Home of the original Shake Shack and lined by food carts and the sprawling Eataly marketplace, it’s not difficult to find a good meal in Manhattan’s Madison Square Park. Nor is it easy to stand out.
Taste of Home found a way, when, last December, it offered passersby a chance to win a dinner inside a life-sized gingerbread house. It was part of the magazine’s fifth annual “Gingerbread Boulevard,” an installation Taste of Home has become known for, which involves a life-sized gingerbread house placed in the middle of the park.
One of the most difficult tasks in pulling the boulevard together each year has been coming up with “something more dazzling” than in years past, says Vanessa Bailey, senior marketing director at Trusted Media Brands, Taste of Home‘s parent company.
The Gingerbread Boulevard is an example of a tried-and-true tactic among magazines: creating an experience away from print pages or phone screens, connecting directly with readers and potential subscribers. These experiential marketing events, which can range from conferences to pop-up shops or festivals, provide publishers a way to connect advertisers to readers, as well as drive traffic, increase brand awareness and attract new subscribers. For some, it has also become a way to build a synonymous event, one that participants think of when they hear the publication’s name.
To build deeper, lasting engagements the events need a unique twist and value proposition, but most importantly, they need to embody a publication’s brand mission.
Keep it fresh
Philadelphia Magazine runs between 50 and 60 events a year, as experiential marketing and festivals have become an important source of revenue. One of its most popular—and profitable—is its annual Whiskey and Fine Spirits Festival, held in October.
“We’re really known for the event,” says Lynn Fitzgerald, Philadelphia Magazine’s wine and spirits director.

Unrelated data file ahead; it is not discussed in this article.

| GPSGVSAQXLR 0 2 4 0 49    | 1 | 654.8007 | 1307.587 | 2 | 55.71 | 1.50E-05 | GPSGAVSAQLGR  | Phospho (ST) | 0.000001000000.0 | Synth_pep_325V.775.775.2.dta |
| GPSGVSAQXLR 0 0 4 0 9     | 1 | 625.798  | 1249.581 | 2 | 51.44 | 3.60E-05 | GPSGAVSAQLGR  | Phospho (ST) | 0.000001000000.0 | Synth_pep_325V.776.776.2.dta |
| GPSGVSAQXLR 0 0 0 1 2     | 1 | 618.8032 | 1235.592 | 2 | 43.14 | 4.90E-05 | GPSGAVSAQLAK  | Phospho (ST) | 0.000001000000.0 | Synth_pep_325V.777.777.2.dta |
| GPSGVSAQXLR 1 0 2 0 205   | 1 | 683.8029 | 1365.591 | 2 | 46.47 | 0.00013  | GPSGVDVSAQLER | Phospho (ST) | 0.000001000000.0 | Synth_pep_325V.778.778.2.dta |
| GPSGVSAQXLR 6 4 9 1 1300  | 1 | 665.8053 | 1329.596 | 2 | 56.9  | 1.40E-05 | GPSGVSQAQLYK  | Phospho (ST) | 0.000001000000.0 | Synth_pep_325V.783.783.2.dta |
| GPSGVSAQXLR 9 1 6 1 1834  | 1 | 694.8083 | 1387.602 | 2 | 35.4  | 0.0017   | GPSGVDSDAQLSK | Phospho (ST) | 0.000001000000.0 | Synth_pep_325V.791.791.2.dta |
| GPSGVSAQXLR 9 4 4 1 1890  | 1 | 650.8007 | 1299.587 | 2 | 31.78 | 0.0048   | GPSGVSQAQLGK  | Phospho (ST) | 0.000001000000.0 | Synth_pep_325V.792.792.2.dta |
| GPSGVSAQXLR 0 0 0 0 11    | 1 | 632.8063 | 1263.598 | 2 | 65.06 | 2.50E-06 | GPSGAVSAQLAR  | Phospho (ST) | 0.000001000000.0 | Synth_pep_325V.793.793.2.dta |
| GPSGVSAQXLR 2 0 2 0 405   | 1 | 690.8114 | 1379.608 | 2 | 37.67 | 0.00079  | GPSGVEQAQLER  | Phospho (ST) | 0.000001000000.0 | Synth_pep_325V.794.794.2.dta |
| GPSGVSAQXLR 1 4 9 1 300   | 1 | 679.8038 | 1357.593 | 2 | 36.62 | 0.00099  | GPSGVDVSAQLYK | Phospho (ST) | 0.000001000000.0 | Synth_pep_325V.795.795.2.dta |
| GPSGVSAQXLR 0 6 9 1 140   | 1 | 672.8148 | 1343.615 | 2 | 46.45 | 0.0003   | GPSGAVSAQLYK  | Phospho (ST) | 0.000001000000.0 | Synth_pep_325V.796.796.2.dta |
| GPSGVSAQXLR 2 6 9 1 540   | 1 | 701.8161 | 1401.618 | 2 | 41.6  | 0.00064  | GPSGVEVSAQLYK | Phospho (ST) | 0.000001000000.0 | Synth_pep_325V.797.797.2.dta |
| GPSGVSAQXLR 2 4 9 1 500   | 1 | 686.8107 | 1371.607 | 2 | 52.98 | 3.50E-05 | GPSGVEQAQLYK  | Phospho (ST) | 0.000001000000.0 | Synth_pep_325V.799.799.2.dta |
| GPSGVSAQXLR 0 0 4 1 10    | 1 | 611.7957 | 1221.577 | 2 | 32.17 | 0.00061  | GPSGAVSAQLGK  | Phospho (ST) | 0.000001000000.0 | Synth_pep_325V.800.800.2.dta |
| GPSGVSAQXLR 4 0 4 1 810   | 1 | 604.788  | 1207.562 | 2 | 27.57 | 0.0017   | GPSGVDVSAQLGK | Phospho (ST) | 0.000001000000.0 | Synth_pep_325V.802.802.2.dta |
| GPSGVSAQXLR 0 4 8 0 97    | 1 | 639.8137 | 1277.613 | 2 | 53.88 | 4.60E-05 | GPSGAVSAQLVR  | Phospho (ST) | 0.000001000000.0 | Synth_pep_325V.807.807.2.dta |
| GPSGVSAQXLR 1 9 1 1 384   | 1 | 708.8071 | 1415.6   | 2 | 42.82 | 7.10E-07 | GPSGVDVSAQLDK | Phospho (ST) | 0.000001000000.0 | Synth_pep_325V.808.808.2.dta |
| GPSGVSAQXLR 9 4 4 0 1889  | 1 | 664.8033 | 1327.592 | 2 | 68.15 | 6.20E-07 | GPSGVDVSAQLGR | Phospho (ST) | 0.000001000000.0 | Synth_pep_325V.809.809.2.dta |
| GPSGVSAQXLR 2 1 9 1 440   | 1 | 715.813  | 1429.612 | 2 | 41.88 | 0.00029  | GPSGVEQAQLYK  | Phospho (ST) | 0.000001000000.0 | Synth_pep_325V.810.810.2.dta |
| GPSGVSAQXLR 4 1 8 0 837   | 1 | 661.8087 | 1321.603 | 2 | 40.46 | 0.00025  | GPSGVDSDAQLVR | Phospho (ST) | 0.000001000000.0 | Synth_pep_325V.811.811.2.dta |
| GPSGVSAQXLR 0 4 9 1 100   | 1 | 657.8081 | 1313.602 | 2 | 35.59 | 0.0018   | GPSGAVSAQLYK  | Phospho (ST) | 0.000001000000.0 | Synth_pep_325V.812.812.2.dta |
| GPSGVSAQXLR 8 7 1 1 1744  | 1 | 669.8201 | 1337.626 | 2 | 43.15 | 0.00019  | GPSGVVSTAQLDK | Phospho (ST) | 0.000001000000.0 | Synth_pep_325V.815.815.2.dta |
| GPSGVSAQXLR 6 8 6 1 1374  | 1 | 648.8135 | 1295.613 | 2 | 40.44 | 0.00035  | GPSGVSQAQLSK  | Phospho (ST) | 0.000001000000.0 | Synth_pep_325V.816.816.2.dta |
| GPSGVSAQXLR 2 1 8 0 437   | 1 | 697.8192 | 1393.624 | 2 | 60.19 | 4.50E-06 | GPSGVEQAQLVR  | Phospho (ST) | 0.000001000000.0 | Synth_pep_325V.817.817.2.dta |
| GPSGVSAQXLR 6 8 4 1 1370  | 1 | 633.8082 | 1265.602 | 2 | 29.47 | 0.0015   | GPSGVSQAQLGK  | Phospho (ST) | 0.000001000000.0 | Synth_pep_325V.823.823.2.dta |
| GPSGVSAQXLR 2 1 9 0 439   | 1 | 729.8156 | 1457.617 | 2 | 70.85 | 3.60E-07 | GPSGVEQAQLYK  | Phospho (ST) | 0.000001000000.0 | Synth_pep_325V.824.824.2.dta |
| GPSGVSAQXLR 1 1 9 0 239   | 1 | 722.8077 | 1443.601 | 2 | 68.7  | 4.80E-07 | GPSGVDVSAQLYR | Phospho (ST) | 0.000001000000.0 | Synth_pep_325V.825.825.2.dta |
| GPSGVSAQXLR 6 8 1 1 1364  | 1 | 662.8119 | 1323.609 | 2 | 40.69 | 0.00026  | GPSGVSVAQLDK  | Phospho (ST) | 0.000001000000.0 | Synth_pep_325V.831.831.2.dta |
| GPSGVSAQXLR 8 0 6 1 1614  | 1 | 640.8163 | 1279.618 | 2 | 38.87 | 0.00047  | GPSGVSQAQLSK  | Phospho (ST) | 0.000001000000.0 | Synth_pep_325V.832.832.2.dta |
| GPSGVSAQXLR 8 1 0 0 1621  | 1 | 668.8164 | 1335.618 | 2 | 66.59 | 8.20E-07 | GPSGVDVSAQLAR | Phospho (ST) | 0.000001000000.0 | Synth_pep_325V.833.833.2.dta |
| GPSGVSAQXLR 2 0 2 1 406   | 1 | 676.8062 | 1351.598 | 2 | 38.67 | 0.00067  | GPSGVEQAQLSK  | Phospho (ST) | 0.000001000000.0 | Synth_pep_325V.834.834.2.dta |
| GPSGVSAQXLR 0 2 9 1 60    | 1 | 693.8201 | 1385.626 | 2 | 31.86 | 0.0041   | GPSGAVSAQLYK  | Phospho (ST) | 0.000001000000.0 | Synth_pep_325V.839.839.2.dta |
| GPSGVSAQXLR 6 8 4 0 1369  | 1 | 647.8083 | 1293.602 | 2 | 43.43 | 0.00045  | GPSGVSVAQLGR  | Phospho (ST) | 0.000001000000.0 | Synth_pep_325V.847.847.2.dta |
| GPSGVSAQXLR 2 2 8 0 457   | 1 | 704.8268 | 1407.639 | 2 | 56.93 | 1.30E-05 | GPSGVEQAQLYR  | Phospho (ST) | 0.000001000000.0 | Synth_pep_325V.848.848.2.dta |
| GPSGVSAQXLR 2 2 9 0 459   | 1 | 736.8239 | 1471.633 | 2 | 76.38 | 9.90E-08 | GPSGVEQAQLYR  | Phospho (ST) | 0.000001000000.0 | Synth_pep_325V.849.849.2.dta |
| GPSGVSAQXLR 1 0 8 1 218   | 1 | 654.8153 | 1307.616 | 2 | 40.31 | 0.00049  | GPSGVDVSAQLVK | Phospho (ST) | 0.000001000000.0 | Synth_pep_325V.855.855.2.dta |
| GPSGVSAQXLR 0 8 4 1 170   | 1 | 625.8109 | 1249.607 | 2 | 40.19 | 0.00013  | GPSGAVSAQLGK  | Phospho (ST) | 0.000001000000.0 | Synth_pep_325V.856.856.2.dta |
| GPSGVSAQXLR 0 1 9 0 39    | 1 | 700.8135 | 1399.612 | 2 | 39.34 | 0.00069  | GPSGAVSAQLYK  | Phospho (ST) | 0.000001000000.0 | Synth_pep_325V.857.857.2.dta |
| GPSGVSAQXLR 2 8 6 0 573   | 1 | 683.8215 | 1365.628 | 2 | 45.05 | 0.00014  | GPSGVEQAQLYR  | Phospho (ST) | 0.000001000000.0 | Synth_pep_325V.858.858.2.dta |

It’s also one of the magazine’s longest-running, dating back to 2002. It started when the Pennsylvania Liquor Control Board—which operates over 600 wine and spirits stores throughout the state—asked the publication to run a festival that would consist of tasting unique whiskeys and other liquors. Fast-forward 17 years, and the brand is still finding ways to create new experiences to keep consumers interested.
In 2018, for example, artist Laolu Senbanjo—who designed bottles for special editions of Belvedere vodka and is known by many for his body painting work on Beyoncé’s visual album, “Lemonade”—appeared at the festival as a special guest. This year’s festival will play host to master distillers who will answer questions about how certain spirits are made, including the process and design.
Philadelphia Magazine then sells sponsorships to the brands that want to promote their products to attendees, which generates additional revenue, on top of ticket packages ranging from $90 to $175.
The festival has become synonymous with the magazine, providing both branding and direct revenues, while “building on what [the client] needs,” says Fitzgerald. The Pennsylvania Liquor Control Board remains the magazine’s partner in the festival all these years later.
Make it an annual tradition
Taste of Home targets at-home cooks, who need recipes for feeding their family. So to bring that experience to life, Bailey asks: “How do you take the experience happening in [someone’s] home and blow that up in a big way? There’s no time that happens in a bigger way than during the holidays.”
That’s when the gingerbread houses came into the picture. Bailey and her team thought about family traditions, and how many create their own by building something, like a house made of sweets.